Issue > Poetry
Chana Bloch

Chana Bloch

Chana Bloch is the author of four books of poems: The Secrets of the Tribe, The Past Keeps Changing, Mrs. Dumpty, and Blood Honey, and co-translator of the Song of Songs and The Selected Poetry of Yehuda Amichai. The recipient of the 2012 Meringoff Poetry Awrd, she collaborated with Chana Kronfeld on translations of Amichai's Open Closed Open, and Hovering at a Low Altitude: The Collected Poetry of Dahlia Ravikovitch.

July in the Bronx, 1971

Two boys are setting off firecrackers
on the spitting-hot city sidewalk.
I shout out the window: "Stop! Stop it!"
Their answer is another burst.          
                                          
It's the Fourth, that's why.  
I'm trying to reason with them:
"For God's sake,           
my father's dying."                     
A word they haven't learned yet.     
                           
Gray pajamas, sweaty, his face a soft white                         
flag of surrender.                           
"I wanted to live a little," he says
in a raspy voice. Past tense.       
          
My father says, "If my old man ever                
caught me smoking when I was a boy,                           
he would beat me to ribbons."                                
His face retrieves the smoking, not the beating.    

Outside on the sidewalk nothing is forbidden.             
A puff of cloud rises and rides the air,
acrid, alluring,                          
sweet whiff of liberty.

Happiness Research

                              for Dave


Rain over Berkeley! The birds are all out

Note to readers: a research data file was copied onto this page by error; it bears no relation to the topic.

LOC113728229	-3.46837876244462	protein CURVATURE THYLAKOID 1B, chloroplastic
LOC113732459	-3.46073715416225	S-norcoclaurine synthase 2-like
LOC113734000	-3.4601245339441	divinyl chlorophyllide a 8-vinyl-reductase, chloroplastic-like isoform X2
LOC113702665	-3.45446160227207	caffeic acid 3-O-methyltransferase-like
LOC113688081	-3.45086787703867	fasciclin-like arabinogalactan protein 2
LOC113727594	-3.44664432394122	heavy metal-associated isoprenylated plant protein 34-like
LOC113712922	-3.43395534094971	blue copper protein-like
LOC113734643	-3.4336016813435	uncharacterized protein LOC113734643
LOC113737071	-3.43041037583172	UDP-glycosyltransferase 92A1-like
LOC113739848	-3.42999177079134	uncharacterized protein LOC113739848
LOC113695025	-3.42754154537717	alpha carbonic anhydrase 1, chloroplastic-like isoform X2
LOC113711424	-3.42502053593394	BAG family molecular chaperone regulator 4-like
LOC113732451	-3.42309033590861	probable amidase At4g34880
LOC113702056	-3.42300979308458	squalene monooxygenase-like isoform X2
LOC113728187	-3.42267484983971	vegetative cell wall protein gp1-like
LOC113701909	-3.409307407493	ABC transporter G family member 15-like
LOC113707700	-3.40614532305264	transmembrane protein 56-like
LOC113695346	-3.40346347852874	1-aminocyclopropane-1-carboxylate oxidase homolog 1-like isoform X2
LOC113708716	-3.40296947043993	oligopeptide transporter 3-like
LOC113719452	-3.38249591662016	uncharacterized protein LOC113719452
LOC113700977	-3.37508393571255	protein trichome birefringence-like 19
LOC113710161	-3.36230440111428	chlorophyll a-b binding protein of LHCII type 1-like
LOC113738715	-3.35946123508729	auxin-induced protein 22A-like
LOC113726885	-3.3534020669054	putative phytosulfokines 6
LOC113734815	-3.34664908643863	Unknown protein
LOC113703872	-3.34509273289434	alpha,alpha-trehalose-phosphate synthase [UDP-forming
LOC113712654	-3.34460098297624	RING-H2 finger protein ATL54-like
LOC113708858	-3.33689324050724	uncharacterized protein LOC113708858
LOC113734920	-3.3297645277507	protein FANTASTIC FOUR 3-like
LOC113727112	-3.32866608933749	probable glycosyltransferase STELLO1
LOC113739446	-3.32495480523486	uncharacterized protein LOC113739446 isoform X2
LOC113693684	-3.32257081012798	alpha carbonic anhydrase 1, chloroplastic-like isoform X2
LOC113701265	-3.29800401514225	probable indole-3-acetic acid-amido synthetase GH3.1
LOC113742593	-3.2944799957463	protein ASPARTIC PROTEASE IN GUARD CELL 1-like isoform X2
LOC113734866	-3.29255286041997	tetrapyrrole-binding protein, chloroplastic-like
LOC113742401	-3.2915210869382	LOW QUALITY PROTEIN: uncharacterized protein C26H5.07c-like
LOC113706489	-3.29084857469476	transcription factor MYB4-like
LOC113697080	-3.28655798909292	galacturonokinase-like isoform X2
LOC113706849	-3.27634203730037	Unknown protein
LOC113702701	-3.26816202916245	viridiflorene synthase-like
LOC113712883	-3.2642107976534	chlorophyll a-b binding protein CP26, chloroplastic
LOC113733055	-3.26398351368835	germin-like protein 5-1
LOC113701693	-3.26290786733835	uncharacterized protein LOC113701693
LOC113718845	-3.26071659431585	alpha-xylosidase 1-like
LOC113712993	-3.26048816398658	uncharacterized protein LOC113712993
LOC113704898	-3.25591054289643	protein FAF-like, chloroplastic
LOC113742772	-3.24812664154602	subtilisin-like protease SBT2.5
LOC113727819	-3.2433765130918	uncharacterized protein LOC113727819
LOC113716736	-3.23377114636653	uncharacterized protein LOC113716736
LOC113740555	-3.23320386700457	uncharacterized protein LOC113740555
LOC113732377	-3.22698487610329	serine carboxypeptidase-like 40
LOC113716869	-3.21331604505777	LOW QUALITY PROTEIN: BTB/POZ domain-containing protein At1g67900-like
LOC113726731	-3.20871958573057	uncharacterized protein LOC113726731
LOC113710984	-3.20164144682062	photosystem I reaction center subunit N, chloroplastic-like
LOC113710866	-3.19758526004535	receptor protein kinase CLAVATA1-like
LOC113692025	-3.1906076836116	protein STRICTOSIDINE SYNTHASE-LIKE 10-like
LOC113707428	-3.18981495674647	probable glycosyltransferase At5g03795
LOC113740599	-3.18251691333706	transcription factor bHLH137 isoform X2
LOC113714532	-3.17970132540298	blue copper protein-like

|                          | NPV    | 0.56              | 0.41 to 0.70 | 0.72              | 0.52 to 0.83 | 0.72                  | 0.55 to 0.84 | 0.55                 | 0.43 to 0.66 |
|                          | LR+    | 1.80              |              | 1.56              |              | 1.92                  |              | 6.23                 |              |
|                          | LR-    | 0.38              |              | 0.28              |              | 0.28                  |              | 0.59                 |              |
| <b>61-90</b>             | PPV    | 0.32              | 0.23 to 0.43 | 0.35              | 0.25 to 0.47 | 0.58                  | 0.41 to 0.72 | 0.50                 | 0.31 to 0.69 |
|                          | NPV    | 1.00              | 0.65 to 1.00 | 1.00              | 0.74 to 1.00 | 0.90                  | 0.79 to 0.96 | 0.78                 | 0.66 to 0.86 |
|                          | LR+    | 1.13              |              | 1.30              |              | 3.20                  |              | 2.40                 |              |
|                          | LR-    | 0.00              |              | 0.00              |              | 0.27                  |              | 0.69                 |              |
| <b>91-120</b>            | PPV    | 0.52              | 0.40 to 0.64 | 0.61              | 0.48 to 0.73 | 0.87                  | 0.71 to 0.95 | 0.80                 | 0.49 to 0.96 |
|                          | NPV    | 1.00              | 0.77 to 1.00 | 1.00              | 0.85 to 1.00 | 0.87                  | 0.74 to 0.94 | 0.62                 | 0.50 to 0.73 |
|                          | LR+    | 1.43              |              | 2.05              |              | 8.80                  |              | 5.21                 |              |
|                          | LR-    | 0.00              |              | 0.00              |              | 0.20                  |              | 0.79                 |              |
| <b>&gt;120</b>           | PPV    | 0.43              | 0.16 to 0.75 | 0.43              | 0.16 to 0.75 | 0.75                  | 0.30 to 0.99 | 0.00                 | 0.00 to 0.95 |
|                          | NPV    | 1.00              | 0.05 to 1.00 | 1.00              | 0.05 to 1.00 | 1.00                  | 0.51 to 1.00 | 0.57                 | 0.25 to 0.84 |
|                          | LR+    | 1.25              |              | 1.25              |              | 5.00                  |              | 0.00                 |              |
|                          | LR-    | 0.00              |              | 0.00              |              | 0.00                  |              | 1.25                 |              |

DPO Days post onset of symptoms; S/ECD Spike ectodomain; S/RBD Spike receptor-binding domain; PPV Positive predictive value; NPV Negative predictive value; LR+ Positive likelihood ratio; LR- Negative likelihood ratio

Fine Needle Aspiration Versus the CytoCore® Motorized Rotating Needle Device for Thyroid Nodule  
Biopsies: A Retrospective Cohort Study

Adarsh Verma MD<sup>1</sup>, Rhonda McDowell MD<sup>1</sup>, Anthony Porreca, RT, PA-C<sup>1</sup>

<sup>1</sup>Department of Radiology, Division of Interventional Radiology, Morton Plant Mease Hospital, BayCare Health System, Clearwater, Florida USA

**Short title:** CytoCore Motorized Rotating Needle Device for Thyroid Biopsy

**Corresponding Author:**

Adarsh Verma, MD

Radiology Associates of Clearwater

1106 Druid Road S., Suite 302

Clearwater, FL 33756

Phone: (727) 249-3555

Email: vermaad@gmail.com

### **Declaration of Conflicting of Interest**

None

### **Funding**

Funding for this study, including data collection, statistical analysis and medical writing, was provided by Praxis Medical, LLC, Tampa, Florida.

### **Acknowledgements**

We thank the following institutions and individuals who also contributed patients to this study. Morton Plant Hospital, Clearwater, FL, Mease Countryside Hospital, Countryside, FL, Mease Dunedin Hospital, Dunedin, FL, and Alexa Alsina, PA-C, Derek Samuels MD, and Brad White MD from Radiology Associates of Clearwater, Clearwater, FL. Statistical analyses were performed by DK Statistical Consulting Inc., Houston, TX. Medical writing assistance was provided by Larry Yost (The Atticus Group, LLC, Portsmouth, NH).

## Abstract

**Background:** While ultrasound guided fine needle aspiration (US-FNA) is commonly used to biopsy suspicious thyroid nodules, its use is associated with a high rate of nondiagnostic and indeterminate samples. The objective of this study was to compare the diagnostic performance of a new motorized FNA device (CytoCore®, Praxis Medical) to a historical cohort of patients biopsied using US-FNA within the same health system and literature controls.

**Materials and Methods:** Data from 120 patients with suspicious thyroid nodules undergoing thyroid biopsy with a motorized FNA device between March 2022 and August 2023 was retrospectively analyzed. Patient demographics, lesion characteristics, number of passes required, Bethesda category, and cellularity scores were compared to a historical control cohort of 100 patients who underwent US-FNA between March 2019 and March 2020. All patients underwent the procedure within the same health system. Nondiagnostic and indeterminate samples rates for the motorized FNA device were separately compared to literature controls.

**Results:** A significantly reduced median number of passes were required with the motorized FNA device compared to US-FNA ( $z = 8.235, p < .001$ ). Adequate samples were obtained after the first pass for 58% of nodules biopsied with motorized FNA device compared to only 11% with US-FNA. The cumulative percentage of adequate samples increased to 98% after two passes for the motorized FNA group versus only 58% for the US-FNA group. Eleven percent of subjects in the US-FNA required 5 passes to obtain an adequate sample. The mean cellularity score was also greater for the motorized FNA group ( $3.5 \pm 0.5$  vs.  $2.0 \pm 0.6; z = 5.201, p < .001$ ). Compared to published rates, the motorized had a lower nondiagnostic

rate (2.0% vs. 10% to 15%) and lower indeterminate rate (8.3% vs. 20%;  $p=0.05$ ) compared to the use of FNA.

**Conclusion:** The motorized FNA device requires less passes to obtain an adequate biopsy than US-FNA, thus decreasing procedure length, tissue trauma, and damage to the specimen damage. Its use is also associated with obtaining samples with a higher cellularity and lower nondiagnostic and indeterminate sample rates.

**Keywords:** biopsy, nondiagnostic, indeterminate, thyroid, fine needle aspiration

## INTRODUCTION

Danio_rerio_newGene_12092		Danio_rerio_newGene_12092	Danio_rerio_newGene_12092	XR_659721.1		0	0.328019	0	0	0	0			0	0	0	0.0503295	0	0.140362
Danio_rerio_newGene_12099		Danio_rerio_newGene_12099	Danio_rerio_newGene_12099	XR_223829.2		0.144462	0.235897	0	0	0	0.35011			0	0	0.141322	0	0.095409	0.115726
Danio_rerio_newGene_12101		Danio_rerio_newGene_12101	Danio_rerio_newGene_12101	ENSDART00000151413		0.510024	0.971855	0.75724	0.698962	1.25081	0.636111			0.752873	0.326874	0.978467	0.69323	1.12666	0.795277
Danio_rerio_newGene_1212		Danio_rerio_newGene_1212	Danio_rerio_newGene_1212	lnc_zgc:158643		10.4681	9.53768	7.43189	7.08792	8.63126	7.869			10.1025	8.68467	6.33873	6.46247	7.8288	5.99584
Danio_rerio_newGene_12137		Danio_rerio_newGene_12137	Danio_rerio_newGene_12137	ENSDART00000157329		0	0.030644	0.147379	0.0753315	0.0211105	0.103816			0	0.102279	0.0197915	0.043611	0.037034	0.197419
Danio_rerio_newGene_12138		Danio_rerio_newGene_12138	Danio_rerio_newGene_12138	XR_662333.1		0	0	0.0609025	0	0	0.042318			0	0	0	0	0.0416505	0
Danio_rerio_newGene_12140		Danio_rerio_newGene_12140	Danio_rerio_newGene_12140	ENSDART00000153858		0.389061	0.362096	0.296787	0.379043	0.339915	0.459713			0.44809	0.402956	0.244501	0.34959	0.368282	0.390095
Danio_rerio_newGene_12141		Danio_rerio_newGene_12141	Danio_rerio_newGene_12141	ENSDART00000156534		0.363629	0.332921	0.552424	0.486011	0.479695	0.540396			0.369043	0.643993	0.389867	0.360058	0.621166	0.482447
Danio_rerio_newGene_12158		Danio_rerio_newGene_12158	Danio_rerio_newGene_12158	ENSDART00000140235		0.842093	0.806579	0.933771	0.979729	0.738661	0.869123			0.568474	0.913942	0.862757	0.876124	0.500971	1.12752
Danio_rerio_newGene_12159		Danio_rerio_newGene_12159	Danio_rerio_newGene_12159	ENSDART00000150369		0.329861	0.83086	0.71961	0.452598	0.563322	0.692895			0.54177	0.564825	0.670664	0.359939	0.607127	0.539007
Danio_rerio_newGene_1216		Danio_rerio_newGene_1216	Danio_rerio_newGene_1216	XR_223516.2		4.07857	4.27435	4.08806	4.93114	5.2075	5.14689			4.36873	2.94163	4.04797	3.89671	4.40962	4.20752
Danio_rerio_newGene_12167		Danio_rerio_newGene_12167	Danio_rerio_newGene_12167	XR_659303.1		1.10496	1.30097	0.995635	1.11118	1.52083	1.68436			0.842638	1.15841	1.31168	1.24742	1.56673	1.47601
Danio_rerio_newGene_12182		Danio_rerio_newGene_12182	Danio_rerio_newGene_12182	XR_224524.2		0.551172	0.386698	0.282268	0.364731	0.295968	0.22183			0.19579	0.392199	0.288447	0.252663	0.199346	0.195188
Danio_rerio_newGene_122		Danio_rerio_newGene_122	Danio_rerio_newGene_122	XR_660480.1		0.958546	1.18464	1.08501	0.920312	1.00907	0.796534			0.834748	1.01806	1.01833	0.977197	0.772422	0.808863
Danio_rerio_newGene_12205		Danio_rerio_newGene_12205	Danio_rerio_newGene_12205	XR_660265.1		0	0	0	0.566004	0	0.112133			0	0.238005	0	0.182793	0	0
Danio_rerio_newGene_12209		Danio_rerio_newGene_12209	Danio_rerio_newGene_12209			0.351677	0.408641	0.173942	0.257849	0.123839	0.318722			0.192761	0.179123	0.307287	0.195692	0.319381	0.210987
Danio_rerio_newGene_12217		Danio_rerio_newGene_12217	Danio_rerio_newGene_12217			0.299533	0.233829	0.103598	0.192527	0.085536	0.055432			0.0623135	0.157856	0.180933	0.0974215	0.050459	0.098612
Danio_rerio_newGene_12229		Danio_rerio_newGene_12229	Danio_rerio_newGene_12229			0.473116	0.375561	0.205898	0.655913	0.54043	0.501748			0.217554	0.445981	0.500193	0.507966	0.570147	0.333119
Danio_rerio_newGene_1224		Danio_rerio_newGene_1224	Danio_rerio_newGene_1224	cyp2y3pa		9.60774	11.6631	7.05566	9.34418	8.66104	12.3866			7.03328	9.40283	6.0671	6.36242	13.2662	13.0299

delivering the news.                                    
The evening, it appears, is happy tonight.
"Is there more to happiness than feeling happy?"
the moral philosophers inquire.

Research has shown                           
if you spot a dime on the sidewalk
you're more likely to tell the professor your life  
is fine, thank you. The effect                    
generally lasts about twenty minutes.      
                  
Scientists are closing in on                                  
the crowded quarter of the brain                          
where happiness lives. They like to think                     
it's hunkered down
in the left prefrontal cortex.     

"Even in the slums of Calcutta
people on the street describe themselves
as reasonably happy." Why not be
reasonable? why not Berkeley? why not
right now, sweetheart, while the rain                     
is stroking the roof?               

The dress I unbuttoned is happy
to be draped on the chair.                         
The split-leaf philodendron is more than glad               
to be watered and fed, just look  
at those leaves
doing their new green thing.

Book Review

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